Frangrance Quote for January 2nd, 2013-The brownies: and other tales By Juliana Horatia Gatty Ewing


Potpourri Jar

"The dogs are noisy," said the tutor, "too noisy. We must have quiet—peace and quiet." His lean hand was once more in his pocket, and he pulled out a box, from which he took some powder, which he scattered on the burning log. A slight smoke now rose from the hot embers, and floated into the room. Was the powder one of those strange compounds that act upon the brain? Was it a magician's powder? Who knows? With it came a sweet, subtle fragrance. It was strange—every one fancied he had smelt it before, and all were absorbed in wondering what it was, and where they had met with it. Even the dogs sat on their haunches with their noses up, sniffing in a speculative manner.
"It's not lavender," said the grandmother, slowly, "and it's not rosemary. There is a something of tansy in it (and a very fine tonic flavour too, my dears, though it's not in fashion now). Depend upon it, it's a potpourri, and from an excellent receipt, sir "— and the old lady bowed courteously towards the tutor. "My mother made the best potpourri in the county, and it was very much like this. Not quite, perhaps, but much the same, much the same."
The grandmother was a fine old gentlewoman "of the old school," as the phrase is. She was very stately and gracious in her manners, daintily neat in her person, and much attached to the old parson of the parish, who now sat near her chair. All her life she had been very proud of her fine stock of fair linen, both household and personal; and for many years past had kept her own graveclothes ready in a drawer. They were bleached as white as snow, and lay amongst bags of dried lavender and potpourri. Many times had it seemed likely that they would be needed, for the old lady had had severe illnesses of late, when the good parson sat by her bedside, and read to her of the coming of the Bridegroom, and of that "fine linen clean and white," which is "the righteousness of the saints." It was of that drawer, with its lavender and potpourri bags, that the scented smoke had reminded her.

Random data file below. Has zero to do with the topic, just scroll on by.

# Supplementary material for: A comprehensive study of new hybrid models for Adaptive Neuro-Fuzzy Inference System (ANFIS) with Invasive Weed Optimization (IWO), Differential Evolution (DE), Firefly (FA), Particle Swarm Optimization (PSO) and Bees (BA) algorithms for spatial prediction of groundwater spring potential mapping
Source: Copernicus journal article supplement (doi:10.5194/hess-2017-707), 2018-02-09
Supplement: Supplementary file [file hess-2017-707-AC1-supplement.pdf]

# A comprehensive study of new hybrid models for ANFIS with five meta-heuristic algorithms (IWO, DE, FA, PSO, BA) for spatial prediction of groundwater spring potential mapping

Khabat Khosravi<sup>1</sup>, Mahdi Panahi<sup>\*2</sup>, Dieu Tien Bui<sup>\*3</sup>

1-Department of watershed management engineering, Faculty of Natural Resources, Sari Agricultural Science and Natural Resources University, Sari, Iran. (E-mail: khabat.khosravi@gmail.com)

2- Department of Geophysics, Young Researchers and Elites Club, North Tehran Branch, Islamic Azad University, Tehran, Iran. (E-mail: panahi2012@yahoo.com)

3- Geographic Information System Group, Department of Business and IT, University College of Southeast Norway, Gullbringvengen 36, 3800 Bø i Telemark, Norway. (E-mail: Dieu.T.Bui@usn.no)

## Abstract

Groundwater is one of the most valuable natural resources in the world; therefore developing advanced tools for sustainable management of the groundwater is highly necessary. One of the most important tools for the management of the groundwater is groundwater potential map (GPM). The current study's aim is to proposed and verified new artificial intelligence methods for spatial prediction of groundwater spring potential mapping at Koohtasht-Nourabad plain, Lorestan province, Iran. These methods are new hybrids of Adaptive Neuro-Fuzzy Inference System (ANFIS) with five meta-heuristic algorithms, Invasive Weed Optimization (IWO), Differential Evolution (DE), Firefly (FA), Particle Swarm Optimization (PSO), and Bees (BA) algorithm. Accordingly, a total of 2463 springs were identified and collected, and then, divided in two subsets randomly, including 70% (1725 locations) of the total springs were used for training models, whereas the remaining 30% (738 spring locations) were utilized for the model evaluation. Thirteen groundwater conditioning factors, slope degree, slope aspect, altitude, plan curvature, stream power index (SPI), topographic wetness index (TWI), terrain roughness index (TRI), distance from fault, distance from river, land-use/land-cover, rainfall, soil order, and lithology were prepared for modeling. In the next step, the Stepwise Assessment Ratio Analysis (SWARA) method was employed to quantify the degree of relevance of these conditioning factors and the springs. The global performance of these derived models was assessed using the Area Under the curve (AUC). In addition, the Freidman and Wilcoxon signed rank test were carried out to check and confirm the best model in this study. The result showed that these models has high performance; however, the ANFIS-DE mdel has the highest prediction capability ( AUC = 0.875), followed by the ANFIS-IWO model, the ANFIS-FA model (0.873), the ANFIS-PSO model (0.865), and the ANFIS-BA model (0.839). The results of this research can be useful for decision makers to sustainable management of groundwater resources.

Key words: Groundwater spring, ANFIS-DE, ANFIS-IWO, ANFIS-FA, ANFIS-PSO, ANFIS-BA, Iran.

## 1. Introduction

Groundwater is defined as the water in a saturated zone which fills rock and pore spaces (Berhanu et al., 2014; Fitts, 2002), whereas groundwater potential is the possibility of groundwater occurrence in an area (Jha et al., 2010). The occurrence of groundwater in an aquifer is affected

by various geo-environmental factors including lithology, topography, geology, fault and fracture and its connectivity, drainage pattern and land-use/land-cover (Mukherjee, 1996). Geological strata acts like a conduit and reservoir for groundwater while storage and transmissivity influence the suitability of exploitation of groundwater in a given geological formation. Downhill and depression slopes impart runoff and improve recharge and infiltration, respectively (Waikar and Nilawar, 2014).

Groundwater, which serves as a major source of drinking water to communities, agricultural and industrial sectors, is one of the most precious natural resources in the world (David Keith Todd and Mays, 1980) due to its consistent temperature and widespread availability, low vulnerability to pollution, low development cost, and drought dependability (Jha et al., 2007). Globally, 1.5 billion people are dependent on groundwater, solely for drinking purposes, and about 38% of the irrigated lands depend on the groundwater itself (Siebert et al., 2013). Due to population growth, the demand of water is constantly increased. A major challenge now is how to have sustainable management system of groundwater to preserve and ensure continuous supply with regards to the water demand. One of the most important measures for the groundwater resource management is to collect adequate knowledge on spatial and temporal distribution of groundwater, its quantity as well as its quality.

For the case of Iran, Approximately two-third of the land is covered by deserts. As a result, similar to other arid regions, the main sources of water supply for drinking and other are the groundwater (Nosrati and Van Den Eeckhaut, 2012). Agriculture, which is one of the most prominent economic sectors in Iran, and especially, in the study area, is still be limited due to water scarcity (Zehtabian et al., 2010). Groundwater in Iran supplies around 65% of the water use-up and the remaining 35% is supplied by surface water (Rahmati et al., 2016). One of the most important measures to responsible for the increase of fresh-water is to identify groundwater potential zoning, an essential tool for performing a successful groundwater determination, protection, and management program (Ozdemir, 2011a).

"It has rather an overpowering odour," said the old parson; "it is suggestive of incense. I am sure I once smelt something like it in the Church of the Nativity at Bethlehem. It is very delicious."
The parson's long residence in his parish had been marked by one great holiday. With the savings of many years he had performed a pilgrimage to the Holy Land; and it was rather a joke against him that he illustrated a large variety of subjects by reference to his favourite topic, the holiday of his life.
"It smells of gunpowder," said Jim, decidedly, "and something else. I can't tell what."
"Something one smells in a seaport town," said Tom.
"Can't be very delicious then," Jim retorted.
"It's not quite the same," piped the widow; "but it reminds me very much of an old bottle of attar of roses that was given to me when I was at school, with a copy of verses, by a young gentleman who was brother to one of the pupils. I remember Mr. Jones was quite annoyed when he found it in an old box, where I am sure I had not touched it for ten years or more; and I never spoke to him but once, on Examination Day (the young gentleman, I mean). And its like—yes it's certainly like a hairwash Mr. Jones used to use. I've forgotten what it was called, but I know it cost fifteen shillings a bottle j and Macready threw one over a few weeks before his dear papa's death, and annoyed him extremely."
The brownies: and other tales
 By Juliana Horatia Gatty Ewing